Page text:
This here's a bottomless pit, baby. Two-and-a-half miles straight down.

The Abyss (1989)
(SPOILERS) By the time The Abyss was released in late summer ’89, I was a card carrying James Cameron fanboy (not a term was in such common use then, thankfully). Such devotion would only truly fade once True Lies revealed the stark, unadulterated truth of his filmmaking foibles. Consequently, I was an ardent Abyss apologist, railing at suggestions of its flaws. I loved the action, found the love story affecting, and admired the general conceit. So, when the Special Edition arrived in 1993, with its Day the Earth Stood Still-invoking global tsunami reinserted, I was more than happy to embrace it as a now-fully-revealed masterpiece.

I still see the Special Edition as significantly better than the release version (whatever quality concerns swore Cameron off the effects initially, CGI had advanced sufficiently by that point;certainly, the only underwhelming aspect is the surfaced alien craft, which was deemed suitable for the theatrical release), both dramatically and them…

You just keep on drilling, sir, and we'll keep on killing.

Billy Lynn’s Long Halftime Walk (2016)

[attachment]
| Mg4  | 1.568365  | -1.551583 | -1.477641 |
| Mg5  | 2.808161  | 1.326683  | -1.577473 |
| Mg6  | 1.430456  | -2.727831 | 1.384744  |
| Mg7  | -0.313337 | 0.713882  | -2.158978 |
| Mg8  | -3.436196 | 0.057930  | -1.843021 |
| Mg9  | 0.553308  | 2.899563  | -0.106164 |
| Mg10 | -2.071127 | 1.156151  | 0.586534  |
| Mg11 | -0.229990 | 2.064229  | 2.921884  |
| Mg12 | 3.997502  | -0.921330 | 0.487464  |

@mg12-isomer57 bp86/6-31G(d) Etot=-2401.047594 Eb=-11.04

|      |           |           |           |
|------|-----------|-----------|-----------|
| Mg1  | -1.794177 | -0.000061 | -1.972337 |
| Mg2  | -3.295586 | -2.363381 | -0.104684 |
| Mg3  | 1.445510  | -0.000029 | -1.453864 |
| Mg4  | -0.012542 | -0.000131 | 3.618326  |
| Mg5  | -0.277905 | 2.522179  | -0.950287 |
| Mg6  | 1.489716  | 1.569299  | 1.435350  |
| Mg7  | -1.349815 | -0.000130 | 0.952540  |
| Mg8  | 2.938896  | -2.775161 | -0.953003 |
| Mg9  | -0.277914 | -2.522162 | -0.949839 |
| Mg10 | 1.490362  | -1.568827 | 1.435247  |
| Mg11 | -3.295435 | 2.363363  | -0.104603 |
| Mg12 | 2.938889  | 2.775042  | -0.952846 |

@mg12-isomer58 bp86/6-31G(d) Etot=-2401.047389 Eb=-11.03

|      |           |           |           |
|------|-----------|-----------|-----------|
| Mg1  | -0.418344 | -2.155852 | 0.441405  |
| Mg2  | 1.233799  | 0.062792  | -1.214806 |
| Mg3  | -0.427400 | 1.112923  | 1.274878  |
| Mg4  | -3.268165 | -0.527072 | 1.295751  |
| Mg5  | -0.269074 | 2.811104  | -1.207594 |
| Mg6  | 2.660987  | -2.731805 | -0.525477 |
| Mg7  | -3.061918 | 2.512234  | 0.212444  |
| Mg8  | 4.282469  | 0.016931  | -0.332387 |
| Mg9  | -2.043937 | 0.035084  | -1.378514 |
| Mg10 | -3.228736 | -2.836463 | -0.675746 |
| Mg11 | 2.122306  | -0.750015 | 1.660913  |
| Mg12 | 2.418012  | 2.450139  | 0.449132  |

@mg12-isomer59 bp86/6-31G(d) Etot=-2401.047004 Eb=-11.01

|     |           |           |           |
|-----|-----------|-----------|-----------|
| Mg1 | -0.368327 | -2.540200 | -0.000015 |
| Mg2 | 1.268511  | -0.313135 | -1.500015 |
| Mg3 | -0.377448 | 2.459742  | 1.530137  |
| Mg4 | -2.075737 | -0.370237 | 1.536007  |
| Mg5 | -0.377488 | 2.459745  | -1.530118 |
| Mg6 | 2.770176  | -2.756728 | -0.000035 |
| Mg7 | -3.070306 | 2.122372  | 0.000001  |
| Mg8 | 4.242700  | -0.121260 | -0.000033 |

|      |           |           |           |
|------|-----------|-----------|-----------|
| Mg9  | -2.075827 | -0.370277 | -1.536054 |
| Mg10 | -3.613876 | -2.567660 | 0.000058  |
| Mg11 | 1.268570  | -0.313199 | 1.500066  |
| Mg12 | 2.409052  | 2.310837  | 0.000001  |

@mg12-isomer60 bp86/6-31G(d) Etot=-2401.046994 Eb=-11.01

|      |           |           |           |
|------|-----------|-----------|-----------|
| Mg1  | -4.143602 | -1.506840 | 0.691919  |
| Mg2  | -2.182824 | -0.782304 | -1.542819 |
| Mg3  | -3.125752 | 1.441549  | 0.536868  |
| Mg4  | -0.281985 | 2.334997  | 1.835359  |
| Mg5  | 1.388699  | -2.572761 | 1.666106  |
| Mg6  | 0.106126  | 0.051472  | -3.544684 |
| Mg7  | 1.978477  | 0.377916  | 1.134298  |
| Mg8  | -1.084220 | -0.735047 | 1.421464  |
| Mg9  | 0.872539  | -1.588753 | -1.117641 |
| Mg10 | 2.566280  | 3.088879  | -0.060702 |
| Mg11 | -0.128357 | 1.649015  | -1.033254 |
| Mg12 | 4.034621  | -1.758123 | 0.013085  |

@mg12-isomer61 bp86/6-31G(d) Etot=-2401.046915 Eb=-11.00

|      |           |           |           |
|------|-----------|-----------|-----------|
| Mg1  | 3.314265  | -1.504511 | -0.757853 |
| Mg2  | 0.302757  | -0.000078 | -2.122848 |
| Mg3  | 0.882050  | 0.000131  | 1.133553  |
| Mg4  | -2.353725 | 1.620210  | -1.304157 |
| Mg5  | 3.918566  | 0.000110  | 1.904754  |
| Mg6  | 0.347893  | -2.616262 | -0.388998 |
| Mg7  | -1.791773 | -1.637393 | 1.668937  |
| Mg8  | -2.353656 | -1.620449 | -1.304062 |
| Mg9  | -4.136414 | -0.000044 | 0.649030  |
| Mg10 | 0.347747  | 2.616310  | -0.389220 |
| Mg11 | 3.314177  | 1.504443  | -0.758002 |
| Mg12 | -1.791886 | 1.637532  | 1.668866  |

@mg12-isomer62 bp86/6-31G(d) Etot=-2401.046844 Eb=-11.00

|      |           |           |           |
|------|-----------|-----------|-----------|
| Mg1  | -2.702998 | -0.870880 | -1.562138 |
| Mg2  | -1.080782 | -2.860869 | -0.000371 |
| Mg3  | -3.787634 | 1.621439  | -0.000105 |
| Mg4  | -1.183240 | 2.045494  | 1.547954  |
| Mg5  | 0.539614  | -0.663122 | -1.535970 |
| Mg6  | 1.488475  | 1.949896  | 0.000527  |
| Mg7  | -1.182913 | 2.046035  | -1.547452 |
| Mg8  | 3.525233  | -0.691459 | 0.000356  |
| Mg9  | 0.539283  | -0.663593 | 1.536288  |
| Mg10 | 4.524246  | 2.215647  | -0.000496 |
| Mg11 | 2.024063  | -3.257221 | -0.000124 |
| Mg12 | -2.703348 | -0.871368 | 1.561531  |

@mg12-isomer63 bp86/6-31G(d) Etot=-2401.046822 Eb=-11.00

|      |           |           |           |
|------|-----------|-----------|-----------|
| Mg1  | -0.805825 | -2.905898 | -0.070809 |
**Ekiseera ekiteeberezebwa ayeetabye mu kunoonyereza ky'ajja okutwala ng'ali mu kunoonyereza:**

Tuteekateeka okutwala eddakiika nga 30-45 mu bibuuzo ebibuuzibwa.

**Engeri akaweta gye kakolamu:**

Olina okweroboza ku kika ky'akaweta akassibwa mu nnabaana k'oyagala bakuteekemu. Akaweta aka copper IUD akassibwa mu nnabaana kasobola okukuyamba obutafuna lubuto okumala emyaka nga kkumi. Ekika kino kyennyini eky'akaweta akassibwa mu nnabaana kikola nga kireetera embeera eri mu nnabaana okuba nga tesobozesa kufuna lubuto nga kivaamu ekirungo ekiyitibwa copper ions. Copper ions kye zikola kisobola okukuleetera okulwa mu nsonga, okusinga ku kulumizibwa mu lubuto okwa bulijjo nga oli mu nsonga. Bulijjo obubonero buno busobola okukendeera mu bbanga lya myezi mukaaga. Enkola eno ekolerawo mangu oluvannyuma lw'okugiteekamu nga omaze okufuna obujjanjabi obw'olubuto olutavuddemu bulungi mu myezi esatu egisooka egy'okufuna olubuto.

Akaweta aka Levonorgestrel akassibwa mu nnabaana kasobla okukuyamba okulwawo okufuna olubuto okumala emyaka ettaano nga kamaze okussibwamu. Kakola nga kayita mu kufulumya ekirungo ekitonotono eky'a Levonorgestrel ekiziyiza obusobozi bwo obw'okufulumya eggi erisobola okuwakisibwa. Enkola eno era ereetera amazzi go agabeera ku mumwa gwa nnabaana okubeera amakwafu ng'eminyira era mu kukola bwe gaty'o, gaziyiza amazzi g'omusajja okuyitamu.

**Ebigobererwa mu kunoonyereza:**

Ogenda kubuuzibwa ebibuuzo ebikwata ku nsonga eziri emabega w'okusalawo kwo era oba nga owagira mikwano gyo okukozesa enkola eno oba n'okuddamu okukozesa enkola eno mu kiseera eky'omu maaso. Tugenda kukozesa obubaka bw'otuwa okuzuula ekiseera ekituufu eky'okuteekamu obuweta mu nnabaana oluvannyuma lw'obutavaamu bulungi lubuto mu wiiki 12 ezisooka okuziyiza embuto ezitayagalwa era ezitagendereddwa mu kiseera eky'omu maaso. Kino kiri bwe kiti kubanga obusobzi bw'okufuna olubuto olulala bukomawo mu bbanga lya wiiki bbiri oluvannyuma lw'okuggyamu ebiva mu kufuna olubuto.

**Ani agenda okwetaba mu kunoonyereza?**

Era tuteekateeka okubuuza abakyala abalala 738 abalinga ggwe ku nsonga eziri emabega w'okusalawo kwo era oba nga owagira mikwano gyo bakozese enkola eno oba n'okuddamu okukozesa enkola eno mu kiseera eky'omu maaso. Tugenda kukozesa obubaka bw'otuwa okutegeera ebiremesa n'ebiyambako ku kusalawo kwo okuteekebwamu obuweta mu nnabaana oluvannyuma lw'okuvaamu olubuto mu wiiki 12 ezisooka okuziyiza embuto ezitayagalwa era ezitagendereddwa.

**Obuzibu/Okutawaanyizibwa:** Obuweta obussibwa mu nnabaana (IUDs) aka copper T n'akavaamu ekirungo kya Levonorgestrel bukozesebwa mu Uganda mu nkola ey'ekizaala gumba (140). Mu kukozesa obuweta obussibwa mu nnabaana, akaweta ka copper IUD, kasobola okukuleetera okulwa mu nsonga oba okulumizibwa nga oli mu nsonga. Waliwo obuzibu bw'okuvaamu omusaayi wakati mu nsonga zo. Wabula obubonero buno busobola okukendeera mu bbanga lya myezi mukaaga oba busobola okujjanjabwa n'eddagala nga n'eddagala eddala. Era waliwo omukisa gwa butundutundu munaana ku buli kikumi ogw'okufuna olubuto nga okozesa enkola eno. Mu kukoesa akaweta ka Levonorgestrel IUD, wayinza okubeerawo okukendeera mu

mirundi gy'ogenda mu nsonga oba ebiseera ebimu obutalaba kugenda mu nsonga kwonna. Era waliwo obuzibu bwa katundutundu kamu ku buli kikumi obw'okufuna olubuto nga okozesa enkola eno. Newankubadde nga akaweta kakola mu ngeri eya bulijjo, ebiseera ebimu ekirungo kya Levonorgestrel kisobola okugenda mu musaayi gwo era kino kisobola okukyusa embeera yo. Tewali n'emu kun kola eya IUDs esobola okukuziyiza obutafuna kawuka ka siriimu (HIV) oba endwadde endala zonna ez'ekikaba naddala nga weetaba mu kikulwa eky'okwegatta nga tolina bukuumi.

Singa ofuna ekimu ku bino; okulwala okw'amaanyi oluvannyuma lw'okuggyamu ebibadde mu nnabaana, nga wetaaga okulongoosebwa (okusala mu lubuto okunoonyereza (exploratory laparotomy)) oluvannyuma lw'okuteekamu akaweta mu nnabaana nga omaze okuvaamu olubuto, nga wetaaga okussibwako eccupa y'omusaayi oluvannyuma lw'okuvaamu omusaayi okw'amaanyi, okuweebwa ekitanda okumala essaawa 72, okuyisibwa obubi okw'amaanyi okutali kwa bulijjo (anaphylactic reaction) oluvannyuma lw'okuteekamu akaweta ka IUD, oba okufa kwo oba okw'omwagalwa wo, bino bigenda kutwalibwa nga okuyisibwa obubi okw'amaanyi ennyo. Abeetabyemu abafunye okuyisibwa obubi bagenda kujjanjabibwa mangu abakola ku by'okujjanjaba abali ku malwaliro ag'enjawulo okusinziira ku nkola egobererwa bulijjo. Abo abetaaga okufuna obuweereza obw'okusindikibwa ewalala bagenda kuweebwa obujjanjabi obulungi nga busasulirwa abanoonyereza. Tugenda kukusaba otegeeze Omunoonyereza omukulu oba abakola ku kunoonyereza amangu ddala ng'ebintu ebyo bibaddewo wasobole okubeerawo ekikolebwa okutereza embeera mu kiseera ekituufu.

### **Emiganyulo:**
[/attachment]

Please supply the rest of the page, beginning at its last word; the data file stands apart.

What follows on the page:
(SPOILERS) The drubbing Billy Lynn’s Long Halftime Walk received really wasn’t unfair. I can’t even offer it the “brave experiment” consolation on the basis of its use of a different frame rate – not evident in itself on 24fps Blu ray, but the neutering effect of the actual compositions is, and quite tellingly in places – since the material itself is so lacking. It’s yet another misguided (to be generous to its motives) War on Terror movie, and one that manages to be both formulaic and at times fatuous in its presentation.

The irony is that Ang Lee, who wanted Billy Lynn to feel immersive and realistic, has made a movie where nothing seems real. Jean-Christophe Castelli’s adaptation of Ben Fountain’s novel is careful to tread heavily on every war movie cliché it can muster – and Vietnam War movie cliché at that – as it follows Billy Lynn (British actor Joe Alwyn) and his unit (“Bravo Squad”) on a media blitz celebrating their heroism in 2004 Iraq …

Don't give me any of that intelligent life crap, just give me something I can blow up.

Dark Star (1974)
(SPOILERS) Is Dark Star more a John Carpenter film or more a Dan O’Bannon one? Until the mid ‘80s it might have seemed atypical of either of them, since they had both subsequently eschewed comedy in favour of horror (or thriller). And then they made Big Trouble in Little China and Return of the Living Dead respectively, and you’d have been none-the-wiser again. I think it’s probably fair to suggest it was a more personal film to O’Bannon, who took its commercial failure harder, and Carpenter certainly didn’t relish the tension their creative collaboration brought (“a duel of control” as he put it), as he elected not to work with his co-writer/ actor/ editor/ production designer/ special effects supervisor again. Which is a shame, as, while no one is ever going to label Dark Star a masterpiece, their meeting of minds resulted in one of the decade’s most enduring cult classics, and for all that they may have dismissed it/ seen only its negatives since, one of the best mo…